Frey was purchased from the Chicago Cubs prior to his
age-27 season in 1938. Previously at shortstop, he would go on to play almost exclusively at second base for the next seven seasons. He really blossomed in 1939 when he gave up switch-hitting and focused entirely on hitting form the left side. He put up two consecutive 6+ WAR seasons and helping lead the team to two consecutive World Series. He then followed with three consecutive 4 WAR seasons--all told, his time with the Reds was easily the best stretch of the three-time All Star's career.

Being an independent blogger since 2006, I've had plenty of opportunities and offers to move to or join other blogs over years. And I've always declined, as I was content writing here. I could do what I wanted, set my own schedule, and not worry about any feeling of commitment and such. And given the uncertainty about my job future from 2006-2008, I didn't want to make any promises that I couldn't keep.

But I think what has happened over the past year and a half is that life has become so busy that I really just don't have time to run my own blog anymore...and so, my twice-monthly posting activity has resulted in very little traffic. And even worse, there's been very little interaction compared to how things used to be when I could post more often. I think I've finally come to grips with that at the same time that my personal and professional life has become substantially more stable (very busy, but stable!). Furthermore, contributing over at Beyond the Boxscore has helped me realize what I'm missing--interaction, mostly, and the feeling of not having to wait for a link in order for someone to read my stuff.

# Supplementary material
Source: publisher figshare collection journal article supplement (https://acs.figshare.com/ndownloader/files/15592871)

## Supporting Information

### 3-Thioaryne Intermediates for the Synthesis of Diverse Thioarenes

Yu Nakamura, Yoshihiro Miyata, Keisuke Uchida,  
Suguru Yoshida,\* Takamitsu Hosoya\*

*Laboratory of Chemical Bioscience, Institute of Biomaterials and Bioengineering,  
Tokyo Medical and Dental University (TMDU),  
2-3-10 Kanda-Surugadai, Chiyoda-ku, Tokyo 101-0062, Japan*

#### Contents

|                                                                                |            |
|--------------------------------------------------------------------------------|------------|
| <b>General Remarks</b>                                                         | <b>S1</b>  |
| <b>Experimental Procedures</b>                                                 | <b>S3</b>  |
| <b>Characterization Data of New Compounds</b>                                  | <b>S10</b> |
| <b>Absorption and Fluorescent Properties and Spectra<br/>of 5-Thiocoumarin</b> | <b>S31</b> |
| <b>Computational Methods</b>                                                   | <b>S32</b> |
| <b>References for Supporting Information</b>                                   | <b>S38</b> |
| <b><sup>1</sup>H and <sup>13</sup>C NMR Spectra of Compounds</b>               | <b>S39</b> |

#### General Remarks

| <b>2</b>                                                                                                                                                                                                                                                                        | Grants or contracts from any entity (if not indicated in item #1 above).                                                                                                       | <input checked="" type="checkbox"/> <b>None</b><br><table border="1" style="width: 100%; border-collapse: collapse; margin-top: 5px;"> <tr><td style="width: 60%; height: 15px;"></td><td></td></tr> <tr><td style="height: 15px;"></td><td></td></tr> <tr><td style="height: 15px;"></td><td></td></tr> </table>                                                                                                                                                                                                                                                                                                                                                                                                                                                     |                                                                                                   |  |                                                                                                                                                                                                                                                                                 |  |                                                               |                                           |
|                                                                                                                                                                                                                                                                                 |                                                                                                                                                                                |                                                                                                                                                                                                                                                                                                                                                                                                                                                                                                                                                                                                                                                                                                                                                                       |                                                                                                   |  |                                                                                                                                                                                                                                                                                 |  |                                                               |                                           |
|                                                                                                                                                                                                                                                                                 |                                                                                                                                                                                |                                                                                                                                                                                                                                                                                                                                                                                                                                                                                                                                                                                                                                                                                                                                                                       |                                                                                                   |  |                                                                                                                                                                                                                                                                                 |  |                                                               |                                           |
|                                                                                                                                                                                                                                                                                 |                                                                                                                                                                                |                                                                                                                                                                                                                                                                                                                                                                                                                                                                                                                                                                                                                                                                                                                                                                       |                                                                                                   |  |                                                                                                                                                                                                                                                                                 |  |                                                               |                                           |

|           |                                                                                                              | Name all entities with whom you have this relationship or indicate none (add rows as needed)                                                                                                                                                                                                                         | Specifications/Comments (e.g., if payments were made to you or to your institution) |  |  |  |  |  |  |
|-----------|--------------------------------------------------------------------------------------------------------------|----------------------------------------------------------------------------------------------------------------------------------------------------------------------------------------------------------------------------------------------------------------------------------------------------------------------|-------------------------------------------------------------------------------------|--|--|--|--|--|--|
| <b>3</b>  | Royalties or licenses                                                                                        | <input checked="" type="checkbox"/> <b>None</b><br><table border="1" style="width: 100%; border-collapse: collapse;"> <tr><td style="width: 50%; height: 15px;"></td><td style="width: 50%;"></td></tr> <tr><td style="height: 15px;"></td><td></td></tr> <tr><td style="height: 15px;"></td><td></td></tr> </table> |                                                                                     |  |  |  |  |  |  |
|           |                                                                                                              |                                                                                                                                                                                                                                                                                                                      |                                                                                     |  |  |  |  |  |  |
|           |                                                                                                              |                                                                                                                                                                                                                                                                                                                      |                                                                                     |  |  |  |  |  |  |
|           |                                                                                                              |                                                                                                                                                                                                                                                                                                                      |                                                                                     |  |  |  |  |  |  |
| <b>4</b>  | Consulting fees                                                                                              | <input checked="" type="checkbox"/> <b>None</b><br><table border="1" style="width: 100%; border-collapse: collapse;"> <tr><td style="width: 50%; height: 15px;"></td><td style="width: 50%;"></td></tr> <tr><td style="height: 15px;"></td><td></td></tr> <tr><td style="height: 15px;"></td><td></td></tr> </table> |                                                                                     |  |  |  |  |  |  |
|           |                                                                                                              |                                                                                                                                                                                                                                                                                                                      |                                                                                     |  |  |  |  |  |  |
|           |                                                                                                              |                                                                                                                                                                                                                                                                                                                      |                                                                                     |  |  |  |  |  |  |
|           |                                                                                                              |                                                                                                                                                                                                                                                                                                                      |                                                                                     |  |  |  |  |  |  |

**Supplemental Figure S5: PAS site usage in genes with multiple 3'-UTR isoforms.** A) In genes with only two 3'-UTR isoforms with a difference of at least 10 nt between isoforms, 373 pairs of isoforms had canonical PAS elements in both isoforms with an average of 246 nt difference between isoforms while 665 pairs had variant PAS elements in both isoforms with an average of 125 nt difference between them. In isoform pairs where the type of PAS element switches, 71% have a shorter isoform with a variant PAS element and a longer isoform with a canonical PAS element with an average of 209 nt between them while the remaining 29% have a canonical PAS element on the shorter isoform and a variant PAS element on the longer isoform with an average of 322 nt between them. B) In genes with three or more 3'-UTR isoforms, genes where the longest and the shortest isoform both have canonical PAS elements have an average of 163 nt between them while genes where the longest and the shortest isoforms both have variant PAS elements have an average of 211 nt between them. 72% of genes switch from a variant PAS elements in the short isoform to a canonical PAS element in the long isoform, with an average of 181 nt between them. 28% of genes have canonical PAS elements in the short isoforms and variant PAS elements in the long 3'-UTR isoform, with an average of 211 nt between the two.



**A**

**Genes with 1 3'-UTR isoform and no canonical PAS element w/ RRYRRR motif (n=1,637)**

As a result of all of that, I finally decided to approach Slyde about joining on with his crew. I've collaborated with Slyde on a number of projects over the years, many of which have unfortunately never seen the light of day. But I'm very happy that he agreed to let me join up on very relaxed terms--the frequency of my posting over there is unlikely to be much better than it has been over here.

Basement Dwellers isn't going away, though. The Reds WAR position review series, for example, is going to continue to be posted here. And I'll continue to link to my stuff on the other sites as a way of tracking what I'm up to, as well as post the occasional short piece that isn't appropriate for other sites. But the majority of my Reds stuff will likely be posted at Red Reporter moving forward, while more general baseball work will continue to be posted at Beyond the Boxscore.

So, this isn't goodbye, but it does mark a change in how the site will be used for the immediate future. I do want to thank everyone who has contributed the 200,000+ page views and 150,000+ unique visits to this site since 2006. I've had a great time here and I hope you've enjoyed it too. See you at RR and BtB. :)

Monday, September 14, 2009

The Reds and WAR - Best Pitcher Seasons (1900-2008)

Dolf LuqueDid Dolf Luque have the best pitcher season in Reds history? By WAR, yes, you can argue that he did. Image via Wikipedia

Guest writer Greg from Atlanta returns with his break-down of the best pitcher seasons by Reds pitchers. You can read his piece on the best Reds hitter seasons here.

The following is a WAR based looked at the Reds best pitcher seasons of all time and a sequel to this look at the 15 best Reds hitter seasons. The WAR pitching metric includes some interesting adjustments – particularly an adjustment for the defense. Pitchers who pitch behind a great defense (which were a key feature of the 39-40 Reds and the Big Red Machine) will find some of the runs they saved credited to the defense, while pitchers who labor with a lousy defense behind them (think Aaron Harang in 2007) get some extra credit.